By Christine Mallar
We just brought in some nifty extendable target training sticks to the store, and so I thought I should write up a description of what it’s used for, as targeting is such a fun and really easy activity to do with your pets, no matter what species – I’ve even taught a fish to target. No, seriously! This isn’t an indication of what a good trainer I am, it’s just an illustration of how easy it is to teach and learn. (In fact, I have to laugh as I just Googled “Target Training a Fish” and came up with lots of results! Here’s one).
To ask an animal to target, you are asking the animal to deliberately touch an object, and you are marking the moment with a sound (like a click from a training clicker). The animal knows this sound means that a treat is coming their way, and allows them to pinpoint the exact thing the trainer wants them to do to earn that treat. This clever concept was created by dolphin trainers. Dolphins are very smart, but slippery. Trainers couldn’t possibly have used traditional methods of training that required physical domination of the animals (like cowboys did with horses, or dog trainers did with leashes and choke collars) – it just isn’t possible. With a whistle and a bucket of fish, dolphins participated voluntarily in their own training (and if they weren’t having fun they could easily swim away).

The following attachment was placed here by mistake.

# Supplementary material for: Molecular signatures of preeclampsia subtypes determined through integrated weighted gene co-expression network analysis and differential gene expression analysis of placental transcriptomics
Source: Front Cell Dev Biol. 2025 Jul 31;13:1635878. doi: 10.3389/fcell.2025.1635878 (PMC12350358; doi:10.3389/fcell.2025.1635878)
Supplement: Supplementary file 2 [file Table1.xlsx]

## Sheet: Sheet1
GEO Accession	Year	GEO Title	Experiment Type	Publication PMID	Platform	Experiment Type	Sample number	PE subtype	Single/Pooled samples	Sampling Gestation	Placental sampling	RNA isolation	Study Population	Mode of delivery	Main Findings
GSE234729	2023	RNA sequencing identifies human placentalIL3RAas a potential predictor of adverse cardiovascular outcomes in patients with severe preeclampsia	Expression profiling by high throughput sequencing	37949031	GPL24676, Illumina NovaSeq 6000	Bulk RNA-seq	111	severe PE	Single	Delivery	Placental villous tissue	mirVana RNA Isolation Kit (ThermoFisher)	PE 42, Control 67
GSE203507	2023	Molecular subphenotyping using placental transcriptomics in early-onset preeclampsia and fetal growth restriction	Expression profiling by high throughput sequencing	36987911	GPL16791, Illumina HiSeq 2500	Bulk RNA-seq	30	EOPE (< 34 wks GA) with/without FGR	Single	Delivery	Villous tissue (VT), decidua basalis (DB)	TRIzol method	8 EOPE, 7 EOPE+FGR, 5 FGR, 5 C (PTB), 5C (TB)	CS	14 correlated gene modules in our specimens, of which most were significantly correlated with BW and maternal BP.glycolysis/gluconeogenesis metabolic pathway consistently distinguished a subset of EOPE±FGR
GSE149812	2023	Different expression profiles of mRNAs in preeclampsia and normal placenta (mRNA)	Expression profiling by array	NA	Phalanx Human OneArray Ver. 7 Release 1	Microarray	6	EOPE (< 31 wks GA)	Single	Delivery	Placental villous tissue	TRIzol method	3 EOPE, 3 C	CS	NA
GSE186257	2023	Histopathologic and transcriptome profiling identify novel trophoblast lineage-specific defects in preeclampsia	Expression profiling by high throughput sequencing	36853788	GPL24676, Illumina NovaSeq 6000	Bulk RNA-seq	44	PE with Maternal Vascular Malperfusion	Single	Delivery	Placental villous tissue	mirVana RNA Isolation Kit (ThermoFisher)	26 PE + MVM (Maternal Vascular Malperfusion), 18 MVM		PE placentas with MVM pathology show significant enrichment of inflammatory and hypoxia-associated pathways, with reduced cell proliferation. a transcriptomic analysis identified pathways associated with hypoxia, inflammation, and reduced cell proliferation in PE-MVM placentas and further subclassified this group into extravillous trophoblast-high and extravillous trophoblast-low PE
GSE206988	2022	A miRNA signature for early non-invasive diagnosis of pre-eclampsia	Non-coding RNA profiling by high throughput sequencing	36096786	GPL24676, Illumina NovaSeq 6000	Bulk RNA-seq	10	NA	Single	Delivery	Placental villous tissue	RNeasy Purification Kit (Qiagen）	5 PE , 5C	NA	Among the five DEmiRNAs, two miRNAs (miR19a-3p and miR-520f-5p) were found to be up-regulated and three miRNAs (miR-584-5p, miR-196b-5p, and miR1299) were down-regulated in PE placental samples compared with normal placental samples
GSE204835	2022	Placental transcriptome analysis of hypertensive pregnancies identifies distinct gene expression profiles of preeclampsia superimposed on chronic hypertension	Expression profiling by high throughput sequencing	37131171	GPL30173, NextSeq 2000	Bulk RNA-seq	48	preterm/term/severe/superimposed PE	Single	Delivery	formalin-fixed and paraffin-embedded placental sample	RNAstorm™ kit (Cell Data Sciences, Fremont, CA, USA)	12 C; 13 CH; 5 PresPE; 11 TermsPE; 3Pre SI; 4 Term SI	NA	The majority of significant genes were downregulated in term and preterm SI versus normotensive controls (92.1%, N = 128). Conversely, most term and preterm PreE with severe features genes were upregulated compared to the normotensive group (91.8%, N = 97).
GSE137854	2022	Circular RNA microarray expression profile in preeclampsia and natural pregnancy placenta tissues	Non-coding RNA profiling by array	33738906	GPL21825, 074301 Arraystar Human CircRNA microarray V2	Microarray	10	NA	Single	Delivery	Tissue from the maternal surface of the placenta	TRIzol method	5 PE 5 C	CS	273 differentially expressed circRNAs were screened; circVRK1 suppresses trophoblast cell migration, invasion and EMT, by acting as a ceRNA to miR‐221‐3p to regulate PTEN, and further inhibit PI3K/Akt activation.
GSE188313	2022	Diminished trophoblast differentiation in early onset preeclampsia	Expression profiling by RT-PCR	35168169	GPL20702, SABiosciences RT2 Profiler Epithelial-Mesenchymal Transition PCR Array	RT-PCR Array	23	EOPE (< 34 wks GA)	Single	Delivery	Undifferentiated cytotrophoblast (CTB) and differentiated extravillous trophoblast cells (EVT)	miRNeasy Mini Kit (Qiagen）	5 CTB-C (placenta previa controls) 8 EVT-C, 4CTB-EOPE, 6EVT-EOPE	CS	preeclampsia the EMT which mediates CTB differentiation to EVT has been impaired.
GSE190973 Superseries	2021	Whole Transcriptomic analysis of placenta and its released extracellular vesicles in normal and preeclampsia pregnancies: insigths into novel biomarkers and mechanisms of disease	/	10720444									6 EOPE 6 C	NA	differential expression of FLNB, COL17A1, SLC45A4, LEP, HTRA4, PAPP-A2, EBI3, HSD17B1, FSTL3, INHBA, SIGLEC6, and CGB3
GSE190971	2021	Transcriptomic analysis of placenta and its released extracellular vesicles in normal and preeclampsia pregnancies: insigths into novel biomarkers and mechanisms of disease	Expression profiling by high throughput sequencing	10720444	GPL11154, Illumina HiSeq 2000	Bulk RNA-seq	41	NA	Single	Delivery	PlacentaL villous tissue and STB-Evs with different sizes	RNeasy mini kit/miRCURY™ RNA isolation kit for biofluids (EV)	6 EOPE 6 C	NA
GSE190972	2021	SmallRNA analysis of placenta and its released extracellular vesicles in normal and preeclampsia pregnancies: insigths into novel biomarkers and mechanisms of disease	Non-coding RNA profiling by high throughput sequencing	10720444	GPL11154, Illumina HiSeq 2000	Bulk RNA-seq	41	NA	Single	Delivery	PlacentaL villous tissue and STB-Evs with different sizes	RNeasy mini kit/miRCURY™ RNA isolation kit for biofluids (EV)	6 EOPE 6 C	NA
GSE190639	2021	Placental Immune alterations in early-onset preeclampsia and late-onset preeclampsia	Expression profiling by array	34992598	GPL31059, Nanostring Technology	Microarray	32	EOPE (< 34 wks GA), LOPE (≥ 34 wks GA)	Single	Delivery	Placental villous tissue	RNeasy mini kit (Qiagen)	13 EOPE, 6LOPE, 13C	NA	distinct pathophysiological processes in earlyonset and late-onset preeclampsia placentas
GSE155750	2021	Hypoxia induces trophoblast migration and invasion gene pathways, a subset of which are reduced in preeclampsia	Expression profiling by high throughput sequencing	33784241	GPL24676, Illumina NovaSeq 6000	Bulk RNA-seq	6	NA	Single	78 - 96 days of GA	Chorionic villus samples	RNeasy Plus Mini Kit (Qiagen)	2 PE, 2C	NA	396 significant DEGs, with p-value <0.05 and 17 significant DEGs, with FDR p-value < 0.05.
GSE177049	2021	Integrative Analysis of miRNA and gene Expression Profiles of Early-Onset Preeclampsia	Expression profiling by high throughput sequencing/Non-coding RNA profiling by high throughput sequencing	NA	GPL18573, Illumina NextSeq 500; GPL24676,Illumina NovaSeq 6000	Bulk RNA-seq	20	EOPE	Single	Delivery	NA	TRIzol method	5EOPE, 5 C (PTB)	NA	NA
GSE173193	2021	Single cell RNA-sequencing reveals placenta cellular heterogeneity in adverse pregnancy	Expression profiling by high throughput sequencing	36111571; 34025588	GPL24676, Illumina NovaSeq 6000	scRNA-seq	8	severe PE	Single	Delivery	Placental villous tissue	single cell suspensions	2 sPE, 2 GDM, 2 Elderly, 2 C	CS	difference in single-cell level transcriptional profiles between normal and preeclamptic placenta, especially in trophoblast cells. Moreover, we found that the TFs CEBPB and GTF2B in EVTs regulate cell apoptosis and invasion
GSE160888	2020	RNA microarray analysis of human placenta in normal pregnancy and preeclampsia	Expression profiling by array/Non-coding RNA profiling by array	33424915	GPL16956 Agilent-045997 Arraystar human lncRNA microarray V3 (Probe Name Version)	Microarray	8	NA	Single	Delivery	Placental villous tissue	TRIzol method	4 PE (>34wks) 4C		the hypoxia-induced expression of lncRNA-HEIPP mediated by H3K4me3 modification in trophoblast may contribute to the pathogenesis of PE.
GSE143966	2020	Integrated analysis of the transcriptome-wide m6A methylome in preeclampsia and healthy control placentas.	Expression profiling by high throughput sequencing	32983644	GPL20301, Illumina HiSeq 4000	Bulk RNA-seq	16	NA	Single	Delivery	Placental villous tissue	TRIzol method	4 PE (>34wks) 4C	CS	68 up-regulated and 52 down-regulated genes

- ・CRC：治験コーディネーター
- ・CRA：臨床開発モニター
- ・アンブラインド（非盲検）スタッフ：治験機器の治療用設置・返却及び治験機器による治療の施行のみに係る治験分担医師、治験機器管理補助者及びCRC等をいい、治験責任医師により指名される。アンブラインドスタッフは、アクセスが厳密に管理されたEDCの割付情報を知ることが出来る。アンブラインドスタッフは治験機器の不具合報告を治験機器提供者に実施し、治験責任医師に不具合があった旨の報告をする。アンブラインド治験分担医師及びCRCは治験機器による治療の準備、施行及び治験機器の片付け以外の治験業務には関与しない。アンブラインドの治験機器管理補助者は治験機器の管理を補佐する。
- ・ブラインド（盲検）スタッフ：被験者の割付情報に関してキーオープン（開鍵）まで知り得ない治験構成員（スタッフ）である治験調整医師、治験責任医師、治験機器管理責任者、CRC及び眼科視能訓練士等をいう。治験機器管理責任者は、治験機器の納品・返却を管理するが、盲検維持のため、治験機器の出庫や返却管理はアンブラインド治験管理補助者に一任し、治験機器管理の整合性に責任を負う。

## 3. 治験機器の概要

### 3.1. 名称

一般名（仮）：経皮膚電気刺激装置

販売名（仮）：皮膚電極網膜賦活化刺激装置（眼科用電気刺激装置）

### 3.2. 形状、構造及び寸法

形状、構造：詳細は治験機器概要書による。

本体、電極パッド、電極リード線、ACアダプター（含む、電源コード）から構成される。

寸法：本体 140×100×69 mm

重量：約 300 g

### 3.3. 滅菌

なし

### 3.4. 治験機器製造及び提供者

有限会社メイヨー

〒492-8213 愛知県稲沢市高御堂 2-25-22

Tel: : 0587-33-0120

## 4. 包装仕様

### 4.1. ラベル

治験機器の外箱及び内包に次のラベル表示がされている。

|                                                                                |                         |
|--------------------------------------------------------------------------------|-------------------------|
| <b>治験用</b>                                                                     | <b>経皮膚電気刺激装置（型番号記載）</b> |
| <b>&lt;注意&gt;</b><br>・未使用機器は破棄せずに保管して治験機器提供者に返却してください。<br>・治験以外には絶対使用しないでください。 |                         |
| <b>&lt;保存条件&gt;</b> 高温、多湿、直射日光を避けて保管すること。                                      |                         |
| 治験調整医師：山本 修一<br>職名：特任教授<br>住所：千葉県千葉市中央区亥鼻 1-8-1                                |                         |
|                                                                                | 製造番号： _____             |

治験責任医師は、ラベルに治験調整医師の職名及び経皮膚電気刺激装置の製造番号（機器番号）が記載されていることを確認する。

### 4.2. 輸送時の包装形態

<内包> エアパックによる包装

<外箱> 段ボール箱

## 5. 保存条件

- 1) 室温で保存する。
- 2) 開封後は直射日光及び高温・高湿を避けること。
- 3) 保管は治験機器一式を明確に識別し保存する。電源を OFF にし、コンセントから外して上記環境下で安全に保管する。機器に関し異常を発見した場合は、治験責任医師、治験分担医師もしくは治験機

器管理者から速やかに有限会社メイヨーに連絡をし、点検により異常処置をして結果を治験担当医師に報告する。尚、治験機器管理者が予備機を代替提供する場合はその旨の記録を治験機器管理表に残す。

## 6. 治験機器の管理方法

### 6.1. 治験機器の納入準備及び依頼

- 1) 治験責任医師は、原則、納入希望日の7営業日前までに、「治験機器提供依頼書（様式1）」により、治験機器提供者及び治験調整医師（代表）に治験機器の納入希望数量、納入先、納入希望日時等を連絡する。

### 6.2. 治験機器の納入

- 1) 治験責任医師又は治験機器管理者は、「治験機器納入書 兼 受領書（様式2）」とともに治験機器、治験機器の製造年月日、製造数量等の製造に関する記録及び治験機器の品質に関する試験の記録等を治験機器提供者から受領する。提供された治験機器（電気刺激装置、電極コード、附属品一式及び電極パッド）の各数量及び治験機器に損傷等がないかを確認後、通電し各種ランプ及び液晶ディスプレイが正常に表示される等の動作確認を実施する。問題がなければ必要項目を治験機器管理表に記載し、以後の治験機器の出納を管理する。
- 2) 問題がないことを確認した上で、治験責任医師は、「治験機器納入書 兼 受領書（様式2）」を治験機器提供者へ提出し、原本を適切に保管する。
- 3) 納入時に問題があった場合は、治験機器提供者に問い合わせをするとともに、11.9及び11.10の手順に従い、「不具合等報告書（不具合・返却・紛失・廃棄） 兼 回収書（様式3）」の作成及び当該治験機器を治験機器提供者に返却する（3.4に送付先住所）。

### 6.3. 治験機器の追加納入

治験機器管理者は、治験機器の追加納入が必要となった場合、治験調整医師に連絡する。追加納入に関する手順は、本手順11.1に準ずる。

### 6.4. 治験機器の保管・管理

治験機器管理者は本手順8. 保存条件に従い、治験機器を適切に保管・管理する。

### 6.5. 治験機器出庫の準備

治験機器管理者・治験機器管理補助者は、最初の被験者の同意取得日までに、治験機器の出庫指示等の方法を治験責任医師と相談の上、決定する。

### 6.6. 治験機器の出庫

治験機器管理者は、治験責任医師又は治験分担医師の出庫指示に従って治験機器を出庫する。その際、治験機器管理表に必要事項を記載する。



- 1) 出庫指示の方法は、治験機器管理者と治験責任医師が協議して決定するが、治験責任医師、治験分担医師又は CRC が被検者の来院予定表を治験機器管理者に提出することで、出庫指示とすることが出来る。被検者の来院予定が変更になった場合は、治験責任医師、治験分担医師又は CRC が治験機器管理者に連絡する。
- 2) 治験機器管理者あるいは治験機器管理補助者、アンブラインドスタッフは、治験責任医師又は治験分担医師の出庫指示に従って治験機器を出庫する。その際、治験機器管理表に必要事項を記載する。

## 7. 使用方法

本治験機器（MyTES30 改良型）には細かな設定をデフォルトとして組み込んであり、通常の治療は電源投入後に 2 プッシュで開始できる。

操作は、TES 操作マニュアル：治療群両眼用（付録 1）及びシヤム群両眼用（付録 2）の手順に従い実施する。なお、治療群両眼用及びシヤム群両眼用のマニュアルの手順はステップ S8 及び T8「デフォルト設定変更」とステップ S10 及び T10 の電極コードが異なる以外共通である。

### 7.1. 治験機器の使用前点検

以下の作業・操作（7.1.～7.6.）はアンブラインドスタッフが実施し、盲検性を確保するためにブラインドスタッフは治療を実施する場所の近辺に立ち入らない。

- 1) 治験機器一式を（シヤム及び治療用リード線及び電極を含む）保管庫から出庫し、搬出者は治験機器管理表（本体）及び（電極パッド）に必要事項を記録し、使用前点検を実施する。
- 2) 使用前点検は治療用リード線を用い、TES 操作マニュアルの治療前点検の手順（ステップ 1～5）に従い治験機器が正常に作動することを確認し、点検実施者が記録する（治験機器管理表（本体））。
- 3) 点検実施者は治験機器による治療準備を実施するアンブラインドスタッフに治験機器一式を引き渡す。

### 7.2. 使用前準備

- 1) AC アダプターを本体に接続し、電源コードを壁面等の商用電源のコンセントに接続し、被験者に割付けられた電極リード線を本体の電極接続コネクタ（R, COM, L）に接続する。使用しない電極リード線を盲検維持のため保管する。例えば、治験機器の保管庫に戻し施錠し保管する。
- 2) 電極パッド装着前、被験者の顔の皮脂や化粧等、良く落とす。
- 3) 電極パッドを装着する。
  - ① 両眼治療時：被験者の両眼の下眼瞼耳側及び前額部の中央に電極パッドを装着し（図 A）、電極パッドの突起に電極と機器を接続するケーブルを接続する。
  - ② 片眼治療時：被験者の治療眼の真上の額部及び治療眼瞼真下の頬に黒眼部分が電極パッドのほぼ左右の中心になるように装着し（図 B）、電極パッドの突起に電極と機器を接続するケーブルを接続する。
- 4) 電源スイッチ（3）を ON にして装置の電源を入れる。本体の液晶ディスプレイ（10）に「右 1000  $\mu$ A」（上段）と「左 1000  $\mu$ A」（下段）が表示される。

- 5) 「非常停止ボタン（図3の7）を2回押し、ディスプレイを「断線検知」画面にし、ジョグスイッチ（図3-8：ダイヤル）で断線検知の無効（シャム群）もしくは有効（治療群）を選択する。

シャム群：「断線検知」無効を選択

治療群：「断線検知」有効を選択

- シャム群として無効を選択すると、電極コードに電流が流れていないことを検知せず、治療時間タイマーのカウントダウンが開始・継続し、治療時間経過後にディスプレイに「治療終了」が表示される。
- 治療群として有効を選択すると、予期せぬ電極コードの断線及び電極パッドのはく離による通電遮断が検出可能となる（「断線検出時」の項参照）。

Picture this: a dolphin trainer wants the dolphin to jump out of the water and touch a ball that is suspended way up high. First, the trainer might toss the ball onto the water and wait until the dolphin investigates it. The trainer is watching for the moment the dolphin touches the ball with its nose, and they mark that moment exactly with a whistle. This noise means a piece of fish, which the dolphin happily goes to collect from the trainer. When the dolphin happens to touch the ball again and hears that whistle, it starts to become quite clear to the dolphin that she can touch that ball on purpose to make that trainer give her another fish. Now that the intent is clear that the behavior is to touch the ball with her nose, the trainer can introduce a hand signal or word right before she touches it, which becomes the command. The trainer might suspend the ball from a rope right at water level, and ask for and whistle/reward touches to the ball. Then the ball can be raised a little at a time and the dolphin must now stretch to reach it, and then jump to reach it, etc. Targeting can also be used to teach her to touch other parts of he body to objects or even trainer’s hand, allowing the trainer to perhaps shake a flipper (first a “trick”) and then this trick is used to slowly shape a far more difficult behavior, like allowing a vet to take blood from a vein on that flipper – all with voluntary participation from that dolphin. It removes the fear of that procedure as it’s taught gradually, and is certainly easier and much less risky for everyone involved than corralling that dolphin and herding her into some sort of restraint device that would enable them to get that blood sample forcefully, and good luck getting that done a second time! With positive reinforcement training, it became possible for trainers to get voluntary participation from the dolphins for complex behaviors like veterinary procedures, helping to greatly lower the stress for the dolphins if they needed care.